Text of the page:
O pening for Radiohead, appearing in Rolling Stone and the New York Times , and performing on Late Night with Carson Daly were never supposed to be in the cards for the massively unconventional band Deerhoof, insists drummer Greg Saunier from his modest Hyde Street residence in San Francisco.
"I didn't even think we would go from our first show as a duo to our second show as a duo," Saunier says over the phone with trademark humility, recalling the band's improvisational origins in 1996. "I never had any expectation that anyone would ever listen to us or that anyone would ever come to our concerts."
And yet Deerhoof, who perform Feb. 23 at Petaluma's Phoenix Theater, have been justly lauded around the globe for creating some of the most engagingly original and beautifully off-kilter pop music of the past decade. Their completely unorthodox style is like a hard candy that's been dropped to the ground and shattered into pieces—a sweet and beautiful thing, randomly disassembled. Most surprising to Saunier is that it's won hordes of open-minded fans and tickled the ears of those seeking an enjoyably outré take on the pop form.
"It's always weird to think," he muses, "that an idea coming from such a personal or remote starting point, somewhere inside somebody's mind, could ever be heard by a total stranger in Petaluma or Turkey or Japan, and that it's anything other than total gibberish to them. It shocks me again and again, year after year. Every time we do another album, it's sort of like, 'Well, huh. I would never have guessed that that could have been comprehensible to anyone but us!'"
And surely Deerhoof's music is utterly free of any preexisting guideposts. Their lyrics, usually chirped by diminutive bassist Satomi Matsuzaki (she stands about as high as Saunier's drum kit), play a childlike foil to the band's slathered intricacies. From their latest release, Friend Opportunity , the chorus of "+81" is as pure and innocent as its underlying instrumentation is meticulously mapped: "Choo-choo-choo-choo beep-beep," Matsuzaki coos, "Choo-choo-choo-choo-choo"—the tone changes to an augmented fourth—"Choo-choo-choo-choo-choo"—then back to the root note—"Choo-choo-choo-choo beep-beep."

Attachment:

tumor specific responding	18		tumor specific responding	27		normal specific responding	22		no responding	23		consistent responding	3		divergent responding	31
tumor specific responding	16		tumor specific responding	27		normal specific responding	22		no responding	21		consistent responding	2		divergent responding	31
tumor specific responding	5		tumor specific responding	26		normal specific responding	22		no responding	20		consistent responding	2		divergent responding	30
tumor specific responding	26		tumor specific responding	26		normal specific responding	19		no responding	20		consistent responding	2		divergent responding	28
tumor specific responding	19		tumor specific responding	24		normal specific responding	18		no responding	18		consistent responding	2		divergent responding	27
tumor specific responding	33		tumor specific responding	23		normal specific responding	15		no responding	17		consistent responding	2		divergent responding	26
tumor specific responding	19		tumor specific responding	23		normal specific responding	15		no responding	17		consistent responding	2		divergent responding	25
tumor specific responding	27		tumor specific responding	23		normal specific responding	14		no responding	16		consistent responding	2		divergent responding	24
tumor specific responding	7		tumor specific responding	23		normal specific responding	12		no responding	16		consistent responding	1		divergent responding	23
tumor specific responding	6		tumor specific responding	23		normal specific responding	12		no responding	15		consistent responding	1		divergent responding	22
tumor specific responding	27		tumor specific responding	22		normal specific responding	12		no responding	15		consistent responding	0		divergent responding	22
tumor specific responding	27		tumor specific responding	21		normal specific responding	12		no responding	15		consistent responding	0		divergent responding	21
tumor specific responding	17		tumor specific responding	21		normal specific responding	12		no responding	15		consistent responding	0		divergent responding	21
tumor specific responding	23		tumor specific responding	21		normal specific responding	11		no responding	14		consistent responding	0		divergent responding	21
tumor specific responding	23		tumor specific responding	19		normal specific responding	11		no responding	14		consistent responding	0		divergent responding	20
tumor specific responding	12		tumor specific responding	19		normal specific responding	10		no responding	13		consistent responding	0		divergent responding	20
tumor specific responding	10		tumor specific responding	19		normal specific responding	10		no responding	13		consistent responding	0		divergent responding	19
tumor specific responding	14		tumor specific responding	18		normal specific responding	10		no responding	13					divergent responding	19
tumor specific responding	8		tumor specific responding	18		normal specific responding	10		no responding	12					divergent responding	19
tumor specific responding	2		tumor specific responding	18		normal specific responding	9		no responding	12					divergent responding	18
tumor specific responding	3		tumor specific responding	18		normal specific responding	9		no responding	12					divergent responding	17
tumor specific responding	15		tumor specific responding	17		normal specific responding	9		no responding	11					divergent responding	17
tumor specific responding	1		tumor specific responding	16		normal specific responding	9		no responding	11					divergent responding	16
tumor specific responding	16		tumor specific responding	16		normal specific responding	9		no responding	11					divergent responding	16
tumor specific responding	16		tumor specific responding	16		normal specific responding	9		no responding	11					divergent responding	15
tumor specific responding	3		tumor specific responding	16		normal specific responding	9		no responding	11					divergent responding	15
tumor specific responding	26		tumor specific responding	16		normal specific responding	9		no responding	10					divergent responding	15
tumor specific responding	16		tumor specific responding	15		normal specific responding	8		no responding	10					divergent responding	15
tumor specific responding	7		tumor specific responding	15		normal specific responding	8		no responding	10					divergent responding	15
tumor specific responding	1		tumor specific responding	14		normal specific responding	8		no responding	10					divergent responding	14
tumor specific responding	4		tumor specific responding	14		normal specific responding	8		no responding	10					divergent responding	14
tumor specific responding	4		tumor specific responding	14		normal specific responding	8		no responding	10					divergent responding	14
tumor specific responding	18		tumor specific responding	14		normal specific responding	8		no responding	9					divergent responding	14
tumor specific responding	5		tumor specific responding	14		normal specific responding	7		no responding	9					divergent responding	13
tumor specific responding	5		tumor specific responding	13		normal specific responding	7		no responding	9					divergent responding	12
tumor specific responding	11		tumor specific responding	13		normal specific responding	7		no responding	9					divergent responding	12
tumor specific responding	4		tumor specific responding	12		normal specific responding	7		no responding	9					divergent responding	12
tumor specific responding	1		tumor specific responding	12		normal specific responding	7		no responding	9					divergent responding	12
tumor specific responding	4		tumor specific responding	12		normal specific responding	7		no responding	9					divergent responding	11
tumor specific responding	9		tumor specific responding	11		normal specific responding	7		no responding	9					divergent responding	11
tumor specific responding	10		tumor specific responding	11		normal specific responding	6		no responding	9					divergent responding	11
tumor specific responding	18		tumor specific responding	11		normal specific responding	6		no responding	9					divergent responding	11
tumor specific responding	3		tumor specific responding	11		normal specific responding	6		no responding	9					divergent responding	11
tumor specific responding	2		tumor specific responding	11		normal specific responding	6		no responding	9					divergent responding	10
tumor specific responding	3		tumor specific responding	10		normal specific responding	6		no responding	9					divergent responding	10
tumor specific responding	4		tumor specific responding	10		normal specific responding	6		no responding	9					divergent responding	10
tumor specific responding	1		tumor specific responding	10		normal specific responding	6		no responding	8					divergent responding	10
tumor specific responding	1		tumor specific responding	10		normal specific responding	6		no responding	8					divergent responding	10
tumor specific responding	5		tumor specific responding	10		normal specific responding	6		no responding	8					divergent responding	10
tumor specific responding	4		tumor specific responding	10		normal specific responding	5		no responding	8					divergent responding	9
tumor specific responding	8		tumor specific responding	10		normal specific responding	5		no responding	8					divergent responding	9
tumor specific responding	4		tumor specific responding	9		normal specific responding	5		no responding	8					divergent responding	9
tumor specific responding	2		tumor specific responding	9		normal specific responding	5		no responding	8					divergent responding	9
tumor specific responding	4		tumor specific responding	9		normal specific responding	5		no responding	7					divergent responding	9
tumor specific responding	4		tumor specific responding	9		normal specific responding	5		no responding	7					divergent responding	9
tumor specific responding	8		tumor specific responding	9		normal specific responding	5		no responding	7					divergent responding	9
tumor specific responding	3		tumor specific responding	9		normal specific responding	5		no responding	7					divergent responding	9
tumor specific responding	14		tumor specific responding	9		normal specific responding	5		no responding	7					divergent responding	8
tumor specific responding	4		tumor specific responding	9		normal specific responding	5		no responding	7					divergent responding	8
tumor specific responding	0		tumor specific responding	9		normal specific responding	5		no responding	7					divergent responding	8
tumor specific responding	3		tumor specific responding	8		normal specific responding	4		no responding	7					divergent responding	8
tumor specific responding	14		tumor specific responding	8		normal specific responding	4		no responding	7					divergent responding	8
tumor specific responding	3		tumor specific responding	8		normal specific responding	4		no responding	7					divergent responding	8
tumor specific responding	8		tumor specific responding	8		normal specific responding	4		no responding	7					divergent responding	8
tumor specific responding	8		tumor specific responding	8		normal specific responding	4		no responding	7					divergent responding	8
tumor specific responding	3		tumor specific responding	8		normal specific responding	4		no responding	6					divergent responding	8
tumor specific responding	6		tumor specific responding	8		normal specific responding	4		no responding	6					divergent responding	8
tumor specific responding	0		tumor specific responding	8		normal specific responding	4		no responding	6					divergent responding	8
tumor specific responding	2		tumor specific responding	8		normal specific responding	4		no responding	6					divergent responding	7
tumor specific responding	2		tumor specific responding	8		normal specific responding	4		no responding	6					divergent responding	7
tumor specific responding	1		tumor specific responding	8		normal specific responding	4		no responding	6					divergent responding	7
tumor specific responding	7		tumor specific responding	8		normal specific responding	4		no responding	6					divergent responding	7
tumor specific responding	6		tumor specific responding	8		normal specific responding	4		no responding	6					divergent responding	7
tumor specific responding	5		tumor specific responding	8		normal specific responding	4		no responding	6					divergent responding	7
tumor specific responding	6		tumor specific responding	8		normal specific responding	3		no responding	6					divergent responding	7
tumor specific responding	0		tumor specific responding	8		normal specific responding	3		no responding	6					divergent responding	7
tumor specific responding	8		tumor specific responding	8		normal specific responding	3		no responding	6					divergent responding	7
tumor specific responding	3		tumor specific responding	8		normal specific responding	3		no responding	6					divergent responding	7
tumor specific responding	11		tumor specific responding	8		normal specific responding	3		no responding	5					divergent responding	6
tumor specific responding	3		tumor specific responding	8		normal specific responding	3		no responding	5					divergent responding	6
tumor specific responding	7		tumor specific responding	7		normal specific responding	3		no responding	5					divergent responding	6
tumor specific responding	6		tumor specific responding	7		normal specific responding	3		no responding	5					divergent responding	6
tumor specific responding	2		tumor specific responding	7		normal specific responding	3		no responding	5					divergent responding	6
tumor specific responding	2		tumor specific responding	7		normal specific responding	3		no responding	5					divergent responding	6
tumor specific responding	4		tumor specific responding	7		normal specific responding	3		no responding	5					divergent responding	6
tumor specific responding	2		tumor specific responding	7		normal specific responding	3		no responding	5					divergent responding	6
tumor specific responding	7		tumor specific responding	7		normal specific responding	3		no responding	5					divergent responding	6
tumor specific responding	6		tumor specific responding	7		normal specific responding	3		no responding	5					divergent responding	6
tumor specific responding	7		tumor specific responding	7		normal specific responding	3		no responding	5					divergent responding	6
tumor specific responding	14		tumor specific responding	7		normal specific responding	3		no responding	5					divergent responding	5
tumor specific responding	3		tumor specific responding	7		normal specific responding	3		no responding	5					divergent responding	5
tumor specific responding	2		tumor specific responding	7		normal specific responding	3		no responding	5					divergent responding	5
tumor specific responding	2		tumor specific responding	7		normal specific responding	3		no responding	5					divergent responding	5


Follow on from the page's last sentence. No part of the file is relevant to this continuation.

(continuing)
That's not even mentioning the heralding trumpet blasts, the marching drum cadences, the space-age electronic blips, the Edgar Winter&–like guitar riffs, the dexterous trills, the disco handclaps or the ending's horn decay, all cut and pasted into three thrilling minutes.
Most bands as creative as Deerhoof inevitably begin losing their edge by evaluating their own eventual legacy, but Saunier stresses that seeing into the distant future has never been the case with Deerhoof.
"Right now," he says, "I'm so caught up in, like, 'Why does this one section of our new song not work?' or 'God, I think my drum beat in this one part sounds so stupid.' That's what keeps me up at night. 'How far should John's bass knob be turned up on his amp? Because if he turns it up from two and a half to three, then I think that's going to ruin my entire life.'
"There's no way," he continues, "to plan out what your imagination is going to surprise you with tomorrow."
This weekend's show represents two firsts for Deerhoof: the first show with new guitarist Ed Rodriguez, and the first time the band has ever played in Sonoma County. The freshness of both events is in keeping with Deerhoof's constant rebirth of ideas.
"We're still complete mysteries to each other in a lot of ways," he admits. "We don't understand anything about how you put a song together or how you play music. It feels like nothing's given; we aren't starting from a solid base of understanding. It's just constant upheaval. So, yeah, things are going really well right now."
Deerhoof play Saturday, Feb. 23, at the Phoenix Theater, 201 E. Washington St., Petaluma. 8pm. $15. 707.762.3565. For more on Deerhoof and Saunier's insights into John Cage, Harry Smith, children's music and Radiohead, visit Gabe Meline's blog at